What 2020 May Hold for Cisco
One of my colleagues at Intel, quite a few years ago, casually mentioned during a desktop deployment that "you'll never go wrong buying IBM hardware and Microsoft software." That turned out to be half-true.
IBM dominated the world's need for computing resources for 50 years. They were the undeniable powerhouse of mainframes, but the computing industry moved away from them. IBM's eclipse came in 1984, when a startup's ad captured the imagination of the nation. When IBM eventually entered the personal computer market, they had hesitated too long. In 1992, they posted the largest corporate loss in history: $4.96 billion. That's nearly $9 billion in 2018 dollars.
Cisco has no such shortsightedness. They've been the leader of every new technological challenge that's emerged from mobile to IoT to security. They continually look to the future, knowing that this is the cost of doing business if they are to remain the preeminent force in connectivity.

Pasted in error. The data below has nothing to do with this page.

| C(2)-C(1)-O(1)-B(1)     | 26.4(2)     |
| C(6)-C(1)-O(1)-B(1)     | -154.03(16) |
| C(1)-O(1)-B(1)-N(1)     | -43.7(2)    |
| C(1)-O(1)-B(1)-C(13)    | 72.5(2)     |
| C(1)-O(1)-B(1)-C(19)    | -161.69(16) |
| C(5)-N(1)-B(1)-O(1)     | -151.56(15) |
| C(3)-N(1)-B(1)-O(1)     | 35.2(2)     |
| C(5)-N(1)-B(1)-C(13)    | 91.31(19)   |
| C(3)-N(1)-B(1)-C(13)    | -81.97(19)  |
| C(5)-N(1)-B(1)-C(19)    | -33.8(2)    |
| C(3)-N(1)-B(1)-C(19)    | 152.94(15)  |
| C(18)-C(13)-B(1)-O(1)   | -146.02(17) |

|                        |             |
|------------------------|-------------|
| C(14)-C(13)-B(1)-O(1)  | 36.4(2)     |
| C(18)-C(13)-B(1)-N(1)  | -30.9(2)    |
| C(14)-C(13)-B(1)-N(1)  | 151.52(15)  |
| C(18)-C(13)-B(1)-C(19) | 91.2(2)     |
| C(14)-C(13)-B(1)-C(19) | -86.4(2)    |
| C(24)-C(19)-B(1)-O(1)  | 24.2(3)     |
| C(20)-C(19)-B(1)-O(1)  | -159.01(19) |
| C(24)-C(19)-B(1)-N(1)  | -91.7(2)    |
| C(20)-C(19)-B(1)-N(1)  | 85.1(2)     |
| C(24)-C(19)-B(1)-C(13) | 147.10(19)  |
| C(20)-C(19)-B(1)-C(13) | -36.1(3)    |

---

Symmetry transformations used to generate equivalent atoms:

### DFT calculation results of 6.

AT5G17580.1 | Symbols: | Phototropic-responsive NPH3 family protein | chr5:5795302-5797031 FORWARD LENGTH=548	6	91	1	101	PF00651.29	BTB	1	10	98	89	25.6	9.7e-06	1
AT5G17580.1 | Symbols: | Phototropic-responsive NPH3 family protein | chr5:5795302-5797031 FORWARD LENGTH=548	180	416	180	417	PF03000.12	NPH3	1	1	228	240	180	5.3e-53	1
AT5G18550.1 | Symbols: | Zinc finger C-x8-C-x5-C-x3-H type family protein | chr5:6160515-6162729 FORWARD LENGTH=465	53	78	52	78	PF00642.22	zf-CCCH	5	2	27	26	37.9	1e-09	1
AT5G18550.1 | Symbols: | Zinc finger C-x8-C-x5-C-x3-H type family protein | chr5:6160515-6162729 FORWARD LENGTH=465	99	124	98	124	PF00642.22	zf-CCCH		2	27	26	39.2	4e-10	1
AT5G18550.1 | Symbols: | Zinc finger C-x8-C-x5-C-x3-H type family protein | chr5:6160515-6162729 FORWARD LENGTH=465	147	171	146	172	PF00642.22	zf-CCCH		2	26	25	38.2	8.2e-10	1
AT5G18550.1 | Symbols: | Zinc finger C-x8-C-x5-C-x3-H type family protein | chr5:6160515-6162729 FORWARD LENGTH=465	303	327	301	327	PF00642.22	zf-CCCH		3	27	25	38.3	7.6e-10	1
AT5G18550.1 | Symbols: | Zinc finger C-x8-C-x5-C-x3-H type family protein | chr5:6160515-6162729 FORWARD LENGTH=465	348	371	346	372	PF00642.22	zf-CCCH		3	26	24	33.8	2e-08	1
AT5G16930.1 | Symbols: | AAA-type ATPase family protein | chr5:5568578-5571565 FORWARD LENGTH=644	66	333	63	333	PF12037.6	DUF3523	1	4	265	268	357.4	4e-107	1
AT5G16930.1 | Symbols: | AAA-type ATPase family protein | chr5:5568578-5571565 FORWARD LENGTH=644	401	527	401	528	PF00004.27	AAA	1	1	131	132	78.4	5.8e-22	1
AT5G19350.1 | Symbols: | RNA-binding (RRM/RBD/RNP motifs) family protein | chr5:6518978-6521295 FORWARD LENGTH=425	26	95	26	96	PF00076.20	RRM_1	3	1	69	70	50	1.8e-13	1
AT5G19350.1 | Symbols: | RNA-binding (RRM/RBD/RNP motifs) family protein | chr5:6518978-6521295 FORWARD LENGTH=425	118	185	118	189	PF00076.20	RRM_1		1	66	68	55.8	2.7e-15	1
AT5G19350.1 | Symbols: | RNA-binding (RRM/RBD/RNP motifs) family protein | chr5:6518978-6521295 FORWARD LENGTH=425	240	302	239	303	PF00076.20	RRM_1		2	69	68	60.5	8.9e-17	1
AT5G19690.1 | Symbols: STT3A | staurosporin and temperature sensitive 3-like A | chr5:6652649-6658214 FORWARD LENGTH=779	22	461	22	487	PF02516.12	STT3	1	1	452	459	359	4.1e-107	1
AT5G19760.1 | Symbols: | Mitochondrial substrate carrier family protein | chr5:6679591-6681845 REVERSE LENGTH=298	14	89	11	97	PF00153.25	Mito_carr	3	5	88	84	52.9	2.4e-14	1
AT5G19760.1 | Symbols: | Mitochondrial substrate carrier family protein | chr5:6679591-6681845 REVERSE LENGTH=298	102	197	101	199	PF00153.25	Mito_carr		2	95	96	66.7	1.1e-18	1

Could they be eclipsed like IBM? They have their finger on the pulse of each of these technologies, which will carry them into 2020 and beyond.
The World Has Gone Mobile
The latest Global Mobile Data Traffic Forecast from Cisco reports that mobile will 20 percent of total IP traffic by 2022. With the
It 2015, there were 97 million wearable devices. In 2020, there will be 600 million. Wherever they go, they will likely be connected to a network run on Cisco hardware. Cisco is well aware of this fact, and takes this into account in how they respond to future need.
IoT into the Future
Many would argue that we don't really need our refrigerators talking to one another. Whether or not that is true, most would agree that having the capacity to control devices that are instrumental to completing repetitive tasks can reduce the need for physical pretense in most cases and thus drive down the overall time to complete those tasks.
In 2011, Cisco ambitiously predicted 50 billion devices would be connected by 2020. Many decried this estimate as wishful thinking, and other not so flattering attributes. And yet, it seems there are reasons to believe Cisco's prediction may reach its mark:
The Cloud. Cloud computing, once suspected of being a vulnerability, is here to stay. It is inarguably indispensable in the mobile environment. Edit a document at work, and when you get home it is ready to go. No hardware needed; no further action. This also allows for cloud-connected IoT devices.